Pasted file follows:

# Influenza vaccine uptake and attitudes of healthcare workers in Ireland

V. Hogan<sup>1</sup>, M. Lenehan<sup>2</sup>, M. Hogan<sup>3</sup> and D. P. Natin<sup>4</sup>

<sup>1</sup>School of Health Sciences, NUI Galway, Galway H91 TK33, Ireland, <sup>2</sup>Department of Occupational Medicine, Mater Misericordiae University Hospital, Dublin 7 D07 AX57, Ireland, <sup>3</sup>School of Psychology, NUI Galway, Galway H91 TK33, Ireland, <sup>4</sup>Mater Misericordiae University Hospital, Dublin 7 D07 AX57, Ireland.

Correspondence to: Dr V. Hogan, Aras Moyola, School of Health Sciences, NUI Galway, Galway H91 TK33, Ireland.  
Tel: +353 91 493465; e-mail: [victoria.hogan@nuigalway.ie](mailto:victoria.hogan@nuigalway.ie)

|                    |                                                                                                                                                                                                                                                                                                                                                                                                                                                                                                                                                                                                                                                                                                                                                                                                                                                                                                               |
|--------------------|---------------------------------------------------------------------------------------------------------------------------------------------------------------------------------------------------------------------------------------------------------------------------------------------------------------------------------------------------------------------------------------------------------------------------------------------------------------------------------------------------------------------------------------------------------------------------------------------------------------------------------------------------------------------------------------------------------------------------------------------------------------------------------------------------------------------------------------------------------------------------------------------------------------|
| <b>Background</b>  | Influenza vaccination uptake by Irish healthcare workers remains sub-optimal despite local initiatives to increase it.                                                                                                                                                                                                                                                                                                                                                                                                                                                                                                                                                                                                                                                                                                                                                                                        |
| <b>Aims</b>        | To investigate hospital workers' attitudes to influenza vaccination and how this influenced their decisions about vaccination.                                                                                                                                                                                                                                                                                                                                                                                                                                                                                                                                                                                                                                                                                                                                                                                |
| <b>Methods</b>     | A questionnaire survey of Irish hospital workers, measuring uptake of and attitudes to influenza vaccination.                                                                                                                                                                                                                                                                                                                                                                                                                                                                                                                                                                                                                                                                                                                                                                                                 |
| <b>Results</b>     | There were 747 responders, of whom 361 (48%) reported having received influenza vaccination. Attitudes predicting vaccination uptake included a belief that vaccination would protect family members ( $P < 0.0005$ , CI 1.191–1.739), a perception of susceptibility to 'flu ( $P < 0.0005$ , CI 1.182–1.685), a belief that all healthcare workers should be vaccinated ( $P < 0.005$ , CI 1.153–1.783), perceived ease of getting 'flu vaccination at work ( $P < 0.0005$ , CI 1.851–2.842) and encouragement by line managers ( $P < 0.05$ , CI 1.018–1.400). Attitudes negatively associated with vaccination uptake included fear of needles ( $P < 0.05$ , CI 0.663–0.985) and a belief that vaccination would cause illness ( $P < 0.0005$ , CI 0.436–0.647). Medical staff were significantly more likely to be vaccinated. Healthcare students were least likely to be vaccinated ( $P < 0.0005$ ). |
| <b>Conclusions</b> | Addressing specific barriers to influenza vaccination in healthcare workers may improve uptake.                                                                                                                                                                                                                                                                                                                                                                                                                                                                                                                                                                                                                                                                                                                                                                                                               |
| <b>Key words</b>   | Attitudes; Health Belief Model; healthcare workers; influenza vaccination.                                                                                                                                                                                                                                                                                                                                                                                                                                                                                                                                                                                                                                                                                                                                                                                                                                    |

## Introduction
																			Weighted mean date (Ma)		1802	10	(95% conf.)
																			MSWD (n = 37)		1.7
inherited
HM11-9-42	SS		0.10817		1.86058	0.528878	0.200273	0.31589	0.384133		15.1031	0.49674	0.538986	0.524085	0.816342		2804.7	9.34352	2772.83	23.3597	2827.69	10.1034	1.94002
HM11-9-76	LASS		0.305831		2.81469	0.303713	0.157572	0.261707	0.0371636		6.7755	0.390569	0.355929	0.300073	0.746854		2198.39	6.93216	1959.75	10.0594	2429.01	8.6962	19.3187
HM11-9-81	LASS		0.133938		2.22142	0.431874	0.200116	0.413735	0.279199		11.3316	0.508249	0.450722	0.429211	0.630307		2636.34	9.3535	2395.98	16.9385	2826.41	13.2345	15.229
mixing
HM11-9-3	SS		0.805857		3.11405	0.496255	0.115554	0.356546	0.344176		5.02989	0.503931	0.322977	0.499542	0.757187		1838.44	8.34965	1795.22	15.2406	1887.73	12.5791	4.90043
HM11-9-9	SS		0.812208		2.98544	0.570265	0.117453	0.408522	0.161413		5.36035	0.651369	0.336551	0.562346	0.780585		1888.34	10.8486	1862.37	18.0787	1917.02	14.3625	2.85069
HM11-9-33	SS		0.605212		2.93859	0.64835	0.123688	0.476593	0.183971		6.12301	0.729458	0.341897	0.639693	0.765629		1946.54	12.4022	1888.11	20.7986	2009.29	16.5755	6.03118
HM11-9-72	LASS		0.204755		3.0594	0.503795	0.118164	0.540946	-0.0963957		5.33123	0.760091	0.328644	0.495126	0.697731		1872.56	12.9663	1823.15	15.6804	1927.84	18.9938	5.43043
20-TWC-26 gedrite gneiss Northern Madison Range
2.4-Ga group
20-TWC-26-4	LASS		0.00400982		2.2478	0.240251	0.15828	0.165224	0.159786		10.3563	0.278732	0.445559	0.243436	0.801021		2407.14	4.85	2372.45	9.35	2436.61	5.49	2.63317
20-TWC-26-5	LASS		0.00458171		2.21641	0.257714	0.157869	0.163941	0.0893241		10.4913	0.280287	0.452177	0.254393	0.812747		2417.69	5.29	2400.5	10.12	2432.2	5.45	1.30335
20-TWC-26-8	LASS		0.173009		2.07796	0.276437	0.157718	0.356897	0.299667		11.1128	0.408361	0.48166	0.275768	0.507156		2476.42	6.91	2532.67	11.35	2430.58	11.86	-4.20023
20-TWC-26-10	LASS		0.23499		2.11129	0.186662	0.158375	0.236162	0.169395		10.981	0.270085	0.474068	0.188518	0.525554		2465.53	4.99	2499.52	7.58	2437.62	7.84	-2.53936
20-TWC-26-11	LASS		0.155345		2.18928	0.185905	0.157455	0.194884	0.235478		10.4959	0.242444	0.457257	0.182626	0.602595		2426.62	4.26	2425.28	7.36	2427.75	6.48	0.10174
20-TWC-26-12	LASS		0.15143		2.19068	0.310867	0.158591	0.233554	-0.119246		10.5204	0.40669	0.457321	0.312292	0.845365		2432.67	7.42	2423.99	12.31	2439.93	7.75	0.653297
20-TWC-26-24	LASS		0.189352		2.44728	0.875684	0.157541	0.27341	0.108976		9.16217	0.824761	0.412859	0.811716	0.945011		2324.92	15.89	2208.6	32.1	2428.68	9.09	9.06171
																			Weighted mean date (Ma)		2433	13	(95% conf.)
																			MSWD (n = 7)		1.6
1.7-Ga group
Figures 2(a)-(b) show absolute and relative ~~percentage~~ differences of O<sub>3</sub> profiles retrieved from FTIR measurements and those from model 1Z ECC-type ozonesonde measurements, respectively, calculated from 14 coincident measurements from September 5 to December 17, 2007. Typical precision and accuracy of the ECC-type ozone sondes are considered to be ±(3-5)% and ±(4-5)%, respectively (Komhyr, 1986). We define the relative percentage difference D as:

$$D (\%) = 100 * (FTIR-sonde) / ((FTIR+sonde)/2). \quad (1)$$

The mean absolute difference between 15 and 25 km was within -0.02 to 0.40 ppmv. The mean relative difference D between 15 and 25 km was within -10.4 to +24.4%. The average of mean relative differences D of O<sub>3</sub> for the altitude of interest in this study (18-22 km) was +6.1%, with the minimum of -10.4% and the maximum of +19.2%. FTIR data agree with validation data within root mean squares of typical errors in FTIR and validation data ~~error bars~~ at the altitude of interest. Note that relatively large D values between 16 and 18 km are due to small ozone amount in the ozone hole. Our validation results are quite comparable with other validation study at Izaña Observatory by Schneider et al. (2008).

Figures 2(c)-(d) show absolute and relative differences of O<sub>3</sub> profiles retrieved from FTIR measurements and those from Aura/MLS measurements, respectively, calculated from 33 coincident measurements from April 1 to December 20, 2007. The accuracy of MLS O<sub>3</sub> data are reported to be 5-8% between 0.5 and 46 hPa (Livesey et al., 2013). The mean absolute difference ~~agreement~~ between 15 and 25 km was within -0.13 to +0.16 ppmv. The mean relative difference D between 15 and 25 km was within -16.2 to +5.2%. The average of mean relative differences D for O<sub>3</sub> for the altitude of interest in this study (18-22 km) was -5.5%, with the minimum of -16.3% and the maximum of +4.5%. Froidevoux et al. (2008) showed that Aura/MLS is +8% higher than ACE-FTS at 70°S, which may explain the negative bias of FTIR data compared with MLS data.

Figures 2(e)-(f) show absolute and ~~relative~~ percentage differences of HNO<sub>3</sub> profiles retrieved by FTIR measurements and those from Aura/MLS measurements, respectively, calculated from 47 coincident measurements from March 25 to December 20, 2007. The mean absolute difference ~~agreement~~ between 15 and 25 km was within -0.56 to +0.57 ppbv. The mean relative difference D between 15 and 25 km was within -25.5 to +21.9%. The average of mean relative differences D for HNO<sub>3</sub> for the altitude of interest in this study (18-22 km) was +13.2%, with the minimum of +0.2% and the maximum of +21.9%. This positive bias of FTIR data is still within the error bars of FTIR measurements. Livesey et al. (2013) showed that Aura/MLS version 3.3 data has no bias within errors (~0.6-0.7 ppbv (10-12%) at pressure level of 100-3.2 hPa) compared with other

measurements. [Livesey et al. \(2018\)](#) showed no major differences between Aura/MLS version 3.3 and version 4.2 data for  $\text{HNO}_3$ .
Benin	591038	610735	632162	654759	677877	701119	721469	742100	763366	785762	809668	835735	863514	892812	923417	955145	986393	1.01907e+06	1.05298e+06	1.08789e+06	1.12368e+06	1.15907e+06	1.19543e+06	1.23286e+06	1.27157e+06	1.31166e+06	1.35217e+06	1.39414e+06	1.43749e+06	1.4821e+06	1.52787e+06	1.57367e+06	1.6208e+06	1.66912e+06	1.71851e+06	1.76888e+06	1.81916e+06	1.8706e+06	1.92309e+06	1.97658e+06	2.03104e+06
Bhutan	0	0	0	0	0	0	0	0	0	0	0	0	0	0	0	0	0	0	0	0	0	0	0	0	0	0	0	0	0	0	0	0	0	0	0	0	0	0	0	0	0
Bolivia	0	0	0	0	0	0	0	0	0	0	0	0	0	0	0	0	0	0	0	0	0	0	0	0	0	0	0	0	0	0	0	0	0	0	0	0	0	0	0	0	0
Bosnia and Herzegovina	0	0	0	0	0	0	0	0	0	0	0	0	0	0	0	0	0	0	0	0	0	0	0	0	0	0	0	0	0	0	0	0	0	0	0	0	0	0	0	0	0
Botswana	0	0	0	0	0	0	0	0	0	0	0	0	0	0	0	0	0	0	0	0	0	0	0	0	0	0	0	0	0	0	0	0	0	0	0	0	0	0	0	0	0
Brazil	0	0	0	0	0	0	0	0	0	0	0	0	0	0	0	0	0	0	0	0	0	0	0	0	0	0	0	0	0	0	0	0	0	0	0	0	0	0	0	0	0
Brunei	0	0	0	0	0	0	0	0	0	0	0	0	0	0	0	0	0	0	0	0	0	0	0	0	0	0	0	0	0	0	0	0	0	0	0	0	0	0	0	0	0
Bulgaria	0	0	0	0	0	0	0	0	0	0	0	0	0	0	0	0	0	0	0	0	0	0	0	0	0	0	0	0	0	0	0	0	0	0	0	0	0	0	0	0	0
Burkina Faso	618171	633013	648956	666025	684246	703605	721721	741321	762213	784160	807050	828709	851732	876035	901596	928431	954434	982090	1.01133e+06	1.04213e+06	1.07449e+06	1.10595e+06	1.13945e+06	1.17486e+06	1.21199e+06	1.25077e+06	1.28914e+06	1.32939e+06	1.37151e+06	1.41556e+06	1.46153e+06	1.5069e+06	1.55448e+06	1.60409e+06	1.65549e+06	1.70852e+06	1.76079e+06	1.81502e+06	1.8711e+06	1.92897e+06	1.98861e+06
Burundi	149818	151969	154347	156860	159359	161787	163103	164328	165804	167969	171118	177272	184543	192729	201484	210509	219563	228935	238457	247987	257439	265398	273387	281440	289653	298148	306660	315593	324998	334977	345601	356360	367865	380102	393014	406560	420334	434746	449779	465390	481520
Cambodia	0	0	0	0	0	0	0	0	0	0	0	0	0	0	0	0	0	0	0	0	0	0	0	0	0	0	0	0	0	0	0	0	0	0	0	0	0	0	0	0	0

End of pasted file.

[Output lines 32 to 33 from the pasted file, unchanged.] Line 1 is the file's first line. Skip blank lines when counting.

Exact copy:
20-TWC-26-11	LASS		0.155345		2.18928	0.185905	0.157455	0.194884	0.235478		10.4959	0.242444	0.457257	0.182626	0.602595		2426.62	4.26	2425.28	7.36	2427.75	6.48	0.10174
20-TWC-26-12	LASS		0.15143		2.19068	0.310867	0.158591	0.233554	-0.119246		10.5204	0.40669	0.457321	0.312292	0.845365		2432.67	7.42	2423.99	12.31	2439.93	7.75	0.653297